Apple is likely to report earnings of more than 1 percent above the Street’s average forecast, according to StarMine SmartEstimates. In contrast, Microsoft, which is preparing to launch the Windows 8 operating system and its first tablet computers, may report earnings 0.7 percent below the average.
“Guidance could turn out to be very conservative given momentum with new Macs, a potential iPad mini and ongoing success with the new iPad,” Barclays analyst Ben Reitzes said in a research note. Apple said the latest iPad will hit Chinese store shelves on July 20.
Apple aside, market watchers expect the economic malaise will broadly hit technology companies in the second half of the year, even at firms that managed to squeak by in the second quarter and avoid issuing preliminary earnings warnings.
Over the past three months, analysts have largely held on to their second-quarter earnings forecasts for technology and telecommunications companies, while cutting estimates in other sectors. Now many may have to make up for that oversight.
An IDC survey of chief information officers (CIOs) at about 250 U.S. companies conducted two weeks ago found, on average, that they expected their budgets to decrease for the first time since early 2009.
“There is this sense among CIOs that things have slowed down and they are going to have to think about ways of cutting back,” said IDC analyst Stephen Minton.
Analysts currently forecast companies in the S&P 500 Index will report profit growth of 5.8 percent in the second quarter, with technology earnings growing at 7.9 percent, according to Thomson Reuters data.
They are more optimistic about prospects for the second half and that’s where some expect cuts to come.
Analysts forecast third-quarter earnings growth of 12.9 percent for the S&P 500’s technology index and fourth-quarter growth of 14.9 percent.
Companies at risk in the second half include services giant IBM, No. 1 chipmaker Intel, as well as software makers including Microsoft and VMware Inc, analysts said.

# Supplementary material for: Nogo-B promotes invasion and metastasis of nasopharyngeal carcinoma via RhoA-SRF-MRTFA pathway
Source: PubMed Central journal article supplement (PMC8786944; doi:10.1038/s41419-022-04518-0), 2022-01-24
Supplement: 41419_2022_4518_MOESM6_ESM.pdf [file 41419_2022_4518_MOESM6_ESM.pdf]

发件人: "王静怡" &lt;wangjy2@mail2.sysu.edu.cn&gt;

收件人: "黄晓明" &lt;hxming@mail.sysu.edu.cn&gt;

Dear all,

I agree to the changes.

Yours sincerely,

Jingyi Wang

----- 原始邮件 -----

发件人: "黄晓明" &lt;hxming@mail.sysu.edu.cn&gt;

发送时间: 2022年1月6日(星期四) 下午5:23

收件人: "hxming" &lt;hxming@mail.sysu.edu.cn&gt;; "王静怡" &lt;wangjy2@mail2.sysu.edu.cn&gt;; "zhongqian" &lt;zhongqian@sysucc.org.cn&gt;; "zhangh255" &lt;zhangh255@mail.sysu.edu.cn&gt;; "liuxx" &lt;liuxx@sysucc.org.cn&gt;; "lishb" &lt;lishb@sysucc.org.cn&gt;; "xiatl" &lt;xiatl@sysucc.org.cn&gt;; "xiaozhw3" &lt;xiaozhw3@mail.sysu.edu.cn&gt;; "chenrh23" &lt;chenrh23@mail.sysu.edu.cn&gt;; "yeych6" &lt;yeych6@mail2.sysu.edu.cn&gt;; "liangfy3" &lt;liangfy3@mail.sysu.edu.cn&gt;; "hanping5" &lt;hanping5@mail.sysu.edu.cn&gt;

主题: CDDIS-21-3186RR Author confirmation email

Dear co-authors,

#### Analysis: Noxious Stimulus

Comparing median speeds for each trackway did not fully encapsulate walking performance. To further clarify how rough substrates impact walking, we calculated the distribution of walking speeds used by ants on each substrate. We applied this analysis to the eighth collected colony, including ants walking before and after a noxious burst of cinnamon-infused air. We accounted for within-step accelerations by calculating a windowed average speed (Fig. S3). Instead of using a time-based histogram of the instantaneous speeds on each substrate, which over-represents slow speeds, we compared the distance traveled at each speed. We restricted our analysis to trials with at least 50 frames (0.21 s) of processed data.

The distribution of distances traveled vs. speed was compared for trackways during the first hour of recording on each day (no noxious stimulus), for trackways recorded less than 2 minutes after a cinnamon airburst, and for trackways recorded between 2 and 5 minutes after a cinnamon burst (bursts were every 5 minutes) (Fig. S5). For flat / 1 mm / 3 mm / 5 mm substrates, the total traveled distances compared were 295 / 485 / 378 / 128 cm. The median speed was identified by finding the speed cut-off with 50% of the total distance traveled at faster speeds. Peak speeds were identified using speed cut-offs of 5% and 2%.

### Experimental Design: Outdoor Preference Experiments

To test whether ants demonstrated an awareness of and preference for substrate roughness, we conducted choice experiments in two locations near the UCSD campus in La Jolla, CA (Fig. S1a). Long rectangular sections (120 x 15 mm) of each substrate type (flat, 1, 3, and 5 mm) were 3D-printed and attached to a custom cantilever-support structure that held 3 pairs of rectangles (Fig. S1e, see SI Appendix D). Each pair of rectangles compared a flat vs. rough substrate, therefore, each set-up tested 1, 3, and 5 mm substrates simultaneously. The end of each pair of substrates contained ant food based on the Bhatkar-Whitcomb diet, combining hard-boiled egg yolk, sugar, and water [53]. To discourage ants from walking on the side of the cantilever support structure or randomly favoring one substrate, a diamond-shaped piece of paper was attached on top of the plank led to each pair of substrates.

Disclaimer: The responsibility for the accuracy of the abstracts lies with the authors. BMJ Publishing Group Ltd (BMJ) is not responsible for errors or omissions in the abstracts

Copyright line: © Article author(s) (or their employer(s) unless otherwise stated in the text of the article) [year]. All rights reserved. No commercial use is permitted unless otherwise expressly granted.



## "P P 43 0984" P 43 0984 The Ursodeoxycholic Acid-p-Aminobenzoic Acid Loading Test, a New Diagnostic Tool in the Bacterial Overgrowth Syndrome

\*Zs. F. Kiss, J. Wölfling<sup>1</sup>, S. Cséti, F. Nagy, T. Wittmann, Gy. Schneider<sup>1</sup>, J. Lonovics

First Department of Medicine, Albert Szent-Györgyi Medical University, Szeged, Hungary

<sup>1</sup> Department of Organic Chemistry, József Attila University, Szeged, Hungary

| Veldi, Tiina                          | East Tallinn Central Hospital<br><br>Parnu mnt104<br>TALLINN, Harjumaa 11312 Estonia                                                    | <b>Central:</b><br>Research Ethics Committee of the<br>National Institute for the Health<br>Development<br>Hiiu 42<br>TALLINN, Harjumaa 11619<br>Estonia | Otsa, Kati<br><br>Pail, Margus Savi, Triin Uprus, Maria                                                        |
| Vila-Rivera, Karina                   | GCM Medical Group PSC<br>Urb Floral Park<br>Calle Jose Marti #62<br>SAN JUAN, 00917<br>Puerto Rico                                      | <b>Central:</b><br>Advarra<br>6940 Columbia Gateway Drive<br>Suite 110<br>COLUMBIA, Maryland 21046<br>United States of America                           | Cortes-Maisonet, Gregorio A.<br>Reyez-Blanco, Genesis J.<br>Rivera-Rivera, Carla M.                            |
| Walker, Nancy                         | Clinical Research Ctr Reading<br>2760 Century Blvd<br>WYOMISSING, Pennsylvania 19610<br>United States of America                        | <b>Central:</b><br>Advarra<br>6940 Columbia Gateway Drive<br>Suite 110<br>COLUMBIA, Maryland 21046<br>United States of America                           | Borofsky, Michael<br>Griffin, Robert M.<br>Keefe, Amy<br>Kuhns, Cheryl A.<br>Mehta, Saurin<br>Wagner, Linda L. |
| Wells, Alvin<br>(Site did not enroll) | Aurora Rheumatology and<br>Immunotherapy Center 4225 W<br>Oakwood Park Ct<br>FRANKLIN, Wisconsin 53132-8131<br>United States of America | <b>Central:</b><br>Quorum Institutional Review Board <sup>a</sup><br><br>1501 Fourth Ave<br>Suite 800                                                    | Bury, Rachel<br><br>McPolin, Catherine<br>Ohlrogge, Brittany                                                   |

It’s not a surprise to some that sentiment has shifted so quickly.
Historically when businesses have frozen or cut technology budgets, they have sometimes done so suddenly, taking tech companies and Wall Street by surprise. That process appears to have begun.
“Sentiment is turning into reality,” said Cliff Waldman, senior economist with the Manufacturers Alliance for Productivity and Innovation. “Negative sentiment is truly starting to affect investment spending.”
When it issued its warning last week, Informatica said business conditions “dramatically” worsened in June with customers scrutinizing deals more closely.. Applied Materials warned on Tuesday that it expected weak demand from chipmakers to put a damper on sales through at least the third quarter.
“Demand is weaker than expected in Europe and China, and this makes chipmakers delay or cancel equipment orders,” said James Song, analyst at KDB Daewoo Securities in Seoul. “They are slowing investment in capacity expansion or technology migration.”
Mark Luschini, chief investment strategist at Janney Montgomery Scott, which manages about $54 billion, blames the tech turmoil on Europe, a strengthening U.S. dollar, which reduces the revenue contribution from overseas sales, and concerns about a U.S. tax increase.
“If there is no improvement on domestic data points, or news from Europe that the saga has ended, why should there be a change?” Luschini said.
Additional reporting by Poornima Gupta, Editing by Edwin Chan, Tiffany Wu and Ian Geoghegan